To those who happen upon the notion of ghost hunting through modern pop-culture sources such as reality television series and seasonal human-interest news stories, there emerge a handful of constants, a list of prerequisites for conducting a so-called paranormal investigation: First, one needs a location with a rich and sordid history, preferably someplace where a death has occurred and the more gruesome that death, the better! Second, one requires a laundry-list of expensive and specialized gadgets with which to blanket the location, replete with flashing lights and buzzers. Third, the group must have matching tee-shirts, for how else are the ghosts going to know you’re professionals to be reckoned with? And last, but not least, you MUST go at night!
Of course, none of these things are actually true.
Now, we at the Northeast Spectral Science Society have never been shy about pointing out folly where we see it. I could wax poetic for pages on end regarding all the myriad misconceptions we have to overcome as legitimate researchers, but I’ll spare you the bulk of the rant and concentrate on only one.
I’ve noticed that, of the points above, the one with the most lasting momentum is surely the final one: the impression that you must investigate at night. We’ve met a lot of investigators during our travels, and even some of those who otherwise have their heads on straight tend to insist on conducting the bulk of their
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research at night. Why? Because that’s just the way it’s done.
Again, why? What reason is there to look for ghosts only during the hours between, say 9:00 PM and
6:00 AM? Are there credible, fact-based reasons? Dead Time and the Witching Hour, you say? In what time zone? Do we have to calculate for daylight savings?
A much more constructive calculation for your research purposes would be this one: on a case by case basis, when is the activity reported to occur? If every evening upon finishing her nightly cup of herbal tea the homeowner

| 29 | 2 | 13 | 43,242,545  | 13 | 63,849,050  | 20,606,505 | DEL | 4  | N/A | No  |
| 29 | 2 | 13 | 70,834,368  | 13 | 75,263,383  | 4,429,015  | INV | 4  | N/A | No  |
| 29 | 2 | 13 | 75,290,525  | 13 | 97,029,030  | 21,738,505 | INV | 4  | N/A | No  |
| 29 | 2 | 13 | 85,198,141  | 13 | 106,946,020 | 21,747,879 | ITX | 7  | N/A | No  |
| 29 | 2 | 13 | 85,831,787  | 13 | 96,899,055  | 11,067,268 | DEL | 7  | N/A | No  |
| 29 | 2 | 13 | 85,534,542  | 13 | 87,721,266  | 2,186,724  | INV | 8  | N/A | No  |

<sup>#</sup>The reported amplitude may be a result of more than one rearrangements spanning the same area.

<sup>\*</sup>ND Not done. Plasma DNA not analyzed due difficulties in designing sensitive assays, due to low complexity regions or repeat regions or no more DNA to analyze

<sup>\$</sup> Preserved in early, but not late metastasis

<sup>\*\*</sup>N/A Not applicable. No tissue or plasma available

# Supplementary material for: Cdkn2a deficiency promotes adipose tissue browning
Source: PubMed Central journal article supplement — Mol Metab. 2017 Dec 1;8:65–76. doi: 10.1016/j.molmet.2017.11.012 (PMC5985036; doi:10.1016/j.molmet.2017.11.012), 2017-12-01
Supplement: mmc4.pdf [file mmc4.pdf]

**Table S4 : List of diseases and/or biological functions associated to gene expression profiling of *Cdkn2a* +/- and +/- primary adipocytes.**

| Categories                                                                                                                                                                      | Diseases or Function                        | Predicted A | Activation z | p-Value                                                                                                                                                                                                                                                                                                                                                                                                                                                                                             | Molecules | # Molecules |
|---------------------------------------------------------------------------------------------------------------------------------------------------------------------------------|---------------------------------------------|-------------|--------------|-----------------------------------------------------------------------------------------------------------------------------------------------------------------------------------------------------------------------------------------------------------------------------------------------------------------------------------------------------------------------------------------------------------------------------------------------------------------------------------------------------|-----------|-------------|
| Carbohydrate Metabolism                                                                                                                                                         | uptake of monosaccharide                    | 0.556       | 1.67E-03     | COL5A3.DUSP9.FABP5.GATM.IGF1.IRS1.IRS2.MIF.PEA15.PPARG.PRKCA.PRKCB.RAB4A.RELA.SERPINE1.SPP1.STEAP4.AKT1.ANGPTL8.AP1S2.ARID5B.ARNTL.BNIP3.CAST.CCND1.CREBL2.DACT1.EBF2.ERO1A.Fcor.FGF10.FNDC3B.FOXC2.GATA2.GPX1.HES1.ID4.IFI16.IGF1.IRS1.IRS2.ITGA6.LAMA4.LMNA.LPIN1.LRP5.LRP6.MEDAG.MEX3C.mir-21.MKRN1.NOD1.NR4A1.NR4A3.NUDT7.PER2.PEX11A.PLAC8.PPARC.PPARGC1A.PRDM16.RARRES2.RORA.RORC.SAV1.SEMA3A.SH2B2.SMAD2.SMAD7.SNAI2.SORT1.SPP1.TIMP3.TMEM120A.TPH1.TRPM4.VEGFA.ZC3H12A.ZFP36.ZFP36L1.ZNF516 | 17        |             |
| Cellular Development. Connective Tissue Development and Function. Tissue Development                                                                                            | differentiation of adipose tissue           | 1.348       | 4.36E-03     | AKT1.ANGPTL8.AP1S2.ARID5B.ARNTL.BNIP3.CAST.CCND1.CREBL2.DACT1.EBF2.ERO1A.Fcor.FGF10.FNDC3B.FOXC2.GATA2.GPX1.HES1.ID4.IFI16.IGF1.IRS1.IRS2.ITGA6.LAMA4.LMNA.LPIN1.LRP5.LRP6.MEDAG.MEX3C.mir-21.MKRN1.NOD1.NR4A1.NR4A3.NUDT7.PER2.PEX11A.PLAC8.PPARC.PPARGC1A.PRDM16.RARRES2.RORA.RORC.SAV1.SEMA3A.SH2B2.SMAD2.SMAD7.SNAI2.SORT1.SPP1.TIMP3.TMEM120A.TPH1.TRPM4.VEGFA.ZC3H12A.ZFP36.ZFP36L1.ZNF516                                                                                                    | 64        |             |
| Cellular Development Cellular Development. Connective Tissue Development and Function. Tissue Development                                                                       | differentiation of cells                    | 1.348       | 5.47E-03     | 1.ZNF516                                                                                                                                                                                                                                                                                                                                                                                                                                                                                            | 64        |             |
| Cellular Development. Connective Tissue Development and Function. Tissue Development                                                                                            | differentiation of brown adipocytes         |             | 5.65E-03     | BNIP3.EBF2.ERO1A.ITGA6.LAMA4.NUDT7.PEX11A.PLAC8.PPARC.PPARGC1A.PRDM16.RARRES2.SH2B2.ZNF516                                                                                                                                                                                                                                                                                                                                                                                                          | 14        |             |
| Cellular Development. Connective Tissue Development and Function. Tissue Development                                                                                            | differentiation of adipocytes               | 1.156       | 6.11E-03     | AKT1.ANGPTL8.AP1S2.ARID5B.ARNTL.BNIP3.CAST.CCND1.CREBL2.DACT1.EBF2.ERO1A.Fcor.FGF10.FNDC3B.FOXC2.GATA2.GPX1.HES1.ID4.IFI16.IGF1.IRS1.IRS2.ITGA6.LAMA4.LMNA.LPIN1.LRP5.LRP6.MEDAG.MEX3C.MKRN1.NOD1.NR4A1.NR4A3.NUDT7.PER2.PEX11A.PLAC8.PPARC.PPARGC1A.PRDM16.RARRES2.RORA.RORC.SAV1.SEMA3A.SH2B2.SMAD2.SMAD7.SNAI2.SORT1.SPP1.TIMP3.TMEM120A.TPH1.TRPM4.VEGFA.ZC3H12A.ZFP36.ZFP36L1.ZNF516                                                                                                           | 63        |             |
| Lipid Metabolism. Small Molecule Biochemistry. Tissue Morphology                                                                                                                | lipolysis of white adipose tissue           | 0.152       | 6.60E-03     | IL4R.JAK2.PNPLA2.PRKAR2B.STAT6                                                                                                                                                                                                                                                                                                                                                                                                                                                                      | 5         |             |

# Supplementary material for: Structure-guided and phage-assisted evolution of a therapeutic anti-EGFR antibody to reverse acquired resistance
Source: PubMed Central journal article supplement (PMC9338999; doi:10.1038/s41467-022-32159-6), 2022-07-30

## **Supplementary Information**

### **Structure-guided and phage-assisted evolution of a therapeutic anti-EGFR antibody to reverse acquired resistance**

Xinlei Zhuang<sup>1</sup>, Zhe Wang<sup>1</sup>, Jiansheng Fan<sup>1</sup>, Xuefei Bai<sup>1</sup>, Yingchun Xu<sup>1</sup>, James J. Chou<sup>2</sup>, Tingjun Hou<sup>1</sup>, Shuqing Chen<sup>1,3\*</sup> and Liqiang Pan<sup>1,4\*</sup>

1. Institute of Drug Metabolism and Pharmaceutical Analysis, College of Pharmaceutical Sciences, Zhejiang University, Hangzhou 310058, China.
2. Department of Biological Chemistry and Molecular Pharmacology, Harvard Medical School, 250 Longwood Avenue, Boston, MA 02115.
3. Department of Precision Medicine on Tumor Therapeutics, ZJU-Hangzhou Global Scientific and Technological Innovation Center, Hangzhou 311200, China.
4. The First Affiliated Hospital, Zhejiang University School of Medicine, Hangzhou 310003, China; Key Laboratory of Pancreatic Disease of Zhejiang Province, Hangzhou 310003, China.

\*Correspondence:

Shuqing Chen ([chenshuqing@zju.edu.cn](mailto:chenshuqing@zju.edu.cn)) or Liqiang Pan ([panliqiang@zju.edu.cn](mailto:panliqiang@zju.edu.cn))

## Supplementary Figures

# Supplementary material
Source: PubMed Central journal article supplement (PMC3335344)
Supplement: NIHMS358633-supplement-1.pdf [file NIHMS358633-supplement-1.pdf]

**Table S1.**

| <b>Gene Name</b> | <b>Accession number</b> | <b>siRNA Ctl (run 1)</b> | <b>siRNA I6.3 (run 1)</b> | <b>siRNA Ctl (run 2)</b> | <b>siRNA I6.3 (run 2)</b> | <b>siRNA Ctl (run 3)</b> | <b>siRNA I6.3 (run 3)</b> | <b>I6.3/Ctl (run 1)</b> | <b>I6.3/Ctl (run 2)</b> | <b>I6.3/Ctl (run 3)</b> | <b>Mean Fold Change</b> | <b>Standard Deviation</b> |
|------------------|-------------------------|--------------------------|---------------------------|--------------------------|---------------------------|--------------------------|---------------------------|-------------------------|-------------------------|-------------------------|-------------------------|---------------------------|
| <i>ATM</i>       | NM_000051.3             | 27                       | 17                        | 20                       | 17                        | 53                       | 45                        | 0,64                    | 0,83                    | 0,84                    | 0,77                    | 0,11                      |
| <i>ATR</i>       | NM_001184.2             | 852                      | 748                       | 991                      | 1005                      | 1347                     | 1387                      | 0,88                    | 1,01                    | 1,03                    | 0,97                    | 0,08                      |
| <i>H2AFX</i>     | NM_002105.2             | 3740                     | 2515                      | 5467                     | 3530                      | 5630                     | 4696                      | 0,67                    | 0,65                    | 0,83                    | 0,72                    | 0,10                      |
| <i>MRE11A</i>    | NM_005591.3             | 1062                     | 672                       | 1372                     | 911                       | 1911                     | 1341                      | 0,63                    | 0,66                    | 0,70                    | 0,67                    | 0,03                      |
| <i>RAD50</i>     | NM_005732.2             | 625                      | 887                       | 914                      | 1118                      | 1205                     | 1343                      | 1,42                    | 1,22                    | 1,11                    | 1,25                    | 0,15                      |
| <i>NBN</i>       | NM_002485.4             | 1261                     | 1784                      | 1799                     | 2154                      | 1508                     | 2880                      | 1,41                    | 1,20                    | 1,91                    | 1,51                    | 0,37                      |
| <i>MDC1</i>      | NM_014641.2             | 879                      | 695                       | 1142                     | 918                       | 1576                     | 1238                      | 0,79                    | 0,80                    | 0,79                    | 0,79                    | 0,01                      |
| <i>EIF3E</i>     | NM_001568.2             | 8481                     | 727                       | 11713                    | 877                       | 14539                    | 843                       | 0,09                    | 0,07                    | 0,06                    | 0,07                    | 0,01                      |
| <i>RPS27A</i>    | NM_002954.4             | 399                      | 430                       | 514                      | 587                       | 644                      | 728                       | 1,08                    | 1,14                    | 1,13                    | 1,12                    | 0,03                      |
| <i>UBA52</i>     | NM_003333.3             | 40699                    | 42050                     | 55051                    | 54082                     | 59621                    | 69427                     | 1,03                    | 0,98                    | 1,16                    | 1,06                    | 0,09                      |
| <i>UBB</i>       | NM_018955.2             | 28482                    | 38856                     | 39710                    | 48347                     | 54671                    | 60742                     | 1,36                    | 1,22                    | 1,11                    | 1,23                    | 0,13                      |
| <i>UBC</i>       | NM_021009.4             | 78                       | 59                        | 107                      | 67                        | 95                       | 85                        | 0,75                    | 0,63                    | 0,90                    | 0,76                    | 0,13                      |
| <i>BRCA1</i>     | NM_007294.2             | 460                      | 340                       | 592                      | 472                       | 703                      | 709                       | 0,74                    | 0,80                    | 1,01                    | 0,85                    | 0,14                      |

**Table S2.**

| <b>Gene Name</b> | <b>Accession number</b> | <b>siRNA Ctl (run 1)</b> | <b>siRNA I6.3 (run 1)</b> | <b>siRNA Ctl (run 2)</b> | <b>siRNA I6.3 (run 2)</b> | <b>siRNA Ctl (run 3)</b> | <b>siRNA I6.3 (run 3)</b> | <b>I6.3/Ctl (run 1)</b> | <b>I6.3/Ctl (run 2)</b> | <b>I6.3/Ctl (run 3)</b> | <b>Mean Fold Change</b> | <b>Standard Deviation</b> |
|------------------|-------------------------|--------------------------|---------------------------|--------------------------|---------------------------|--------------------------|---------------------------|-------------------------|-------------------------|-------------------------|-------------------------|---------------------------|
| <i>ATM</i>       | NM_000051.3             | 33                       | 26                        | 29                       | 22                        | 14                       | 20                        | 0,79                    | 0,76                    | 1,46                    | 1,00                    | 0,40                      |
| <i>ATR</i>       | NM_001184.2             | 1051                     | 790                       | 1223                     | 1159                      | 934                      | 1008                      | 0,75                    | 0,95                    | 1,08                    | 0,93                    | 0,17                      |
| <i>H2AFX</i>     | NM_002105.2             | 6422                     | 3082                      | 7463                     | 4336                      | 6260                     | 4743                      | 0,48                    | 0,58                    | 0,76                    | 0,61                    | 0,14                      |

hears footsteps in her upstairs hall, then you’d best conduct your investigation right after Letterman. But if she heard them immediately following her second cup of coffee in the morning, it would certainly be better to investigate then. If you’re in pursuit of the legend of the mysterious light goldenrod yellow lady at your local churchyard and she supposedly makes her rounds at 7 PM, why would you set up your vigil at 3 AM? If waitstaff at the haunted inn see phantom diners from just after brunch straight through cocktail hour, that is when you should go, not four hours after the cheesecake is gobbled and the brandy is gone.
There are, of course, specific advantages to performing one’s research during the evening hours which can not be ignored.
For the case of a commercial investigation, for instance, nights may be the only time an investigator has full access to the location; an investigation during normal business hours would be an inconvenience to those conducting said business and would be nearly impossible for the thorough researcher to control all of their variables. Other public places may pose similar daytime challenges, and in these cases, for the reasons stated above, we would recommend nighttime access.
But all of these reasons are matters of practicality, not preconceived notions regarding some magical
hour of the day or night in which paranormal occurrences are said to be prevalent. There is, as yet, no indication that any such time exists, and no evidence of a universal “thinning of the veil”, so to speak, based on a linear time schedule. In fact, the majority of the data we’ve collected seems to point to a variety of other factors as either
amplifiers or harbingers of anomalous activities, such as weather, planetary and moon cycles, and the human influences present. Time, on a general scale, seems to have very little to do with it.
Where ghosts and spirits are concerned, darkness has always been a part of the show, from the low lights masking a séance leader’s parlor tricks, to midnight ghost walks through ancient cities, to the startled reactions of modern ghost hunters in the green glow of IR lights. Darkness is used to create drama in popular television shows and presentations. It adds to the theatrical sense of impending danger, and sparks anticipation in the viewer that something unexpected could happen at any second. However, we, as legitimate paranormal researchers, are not here for the drama, but instead for the truth…whatever time it may occur.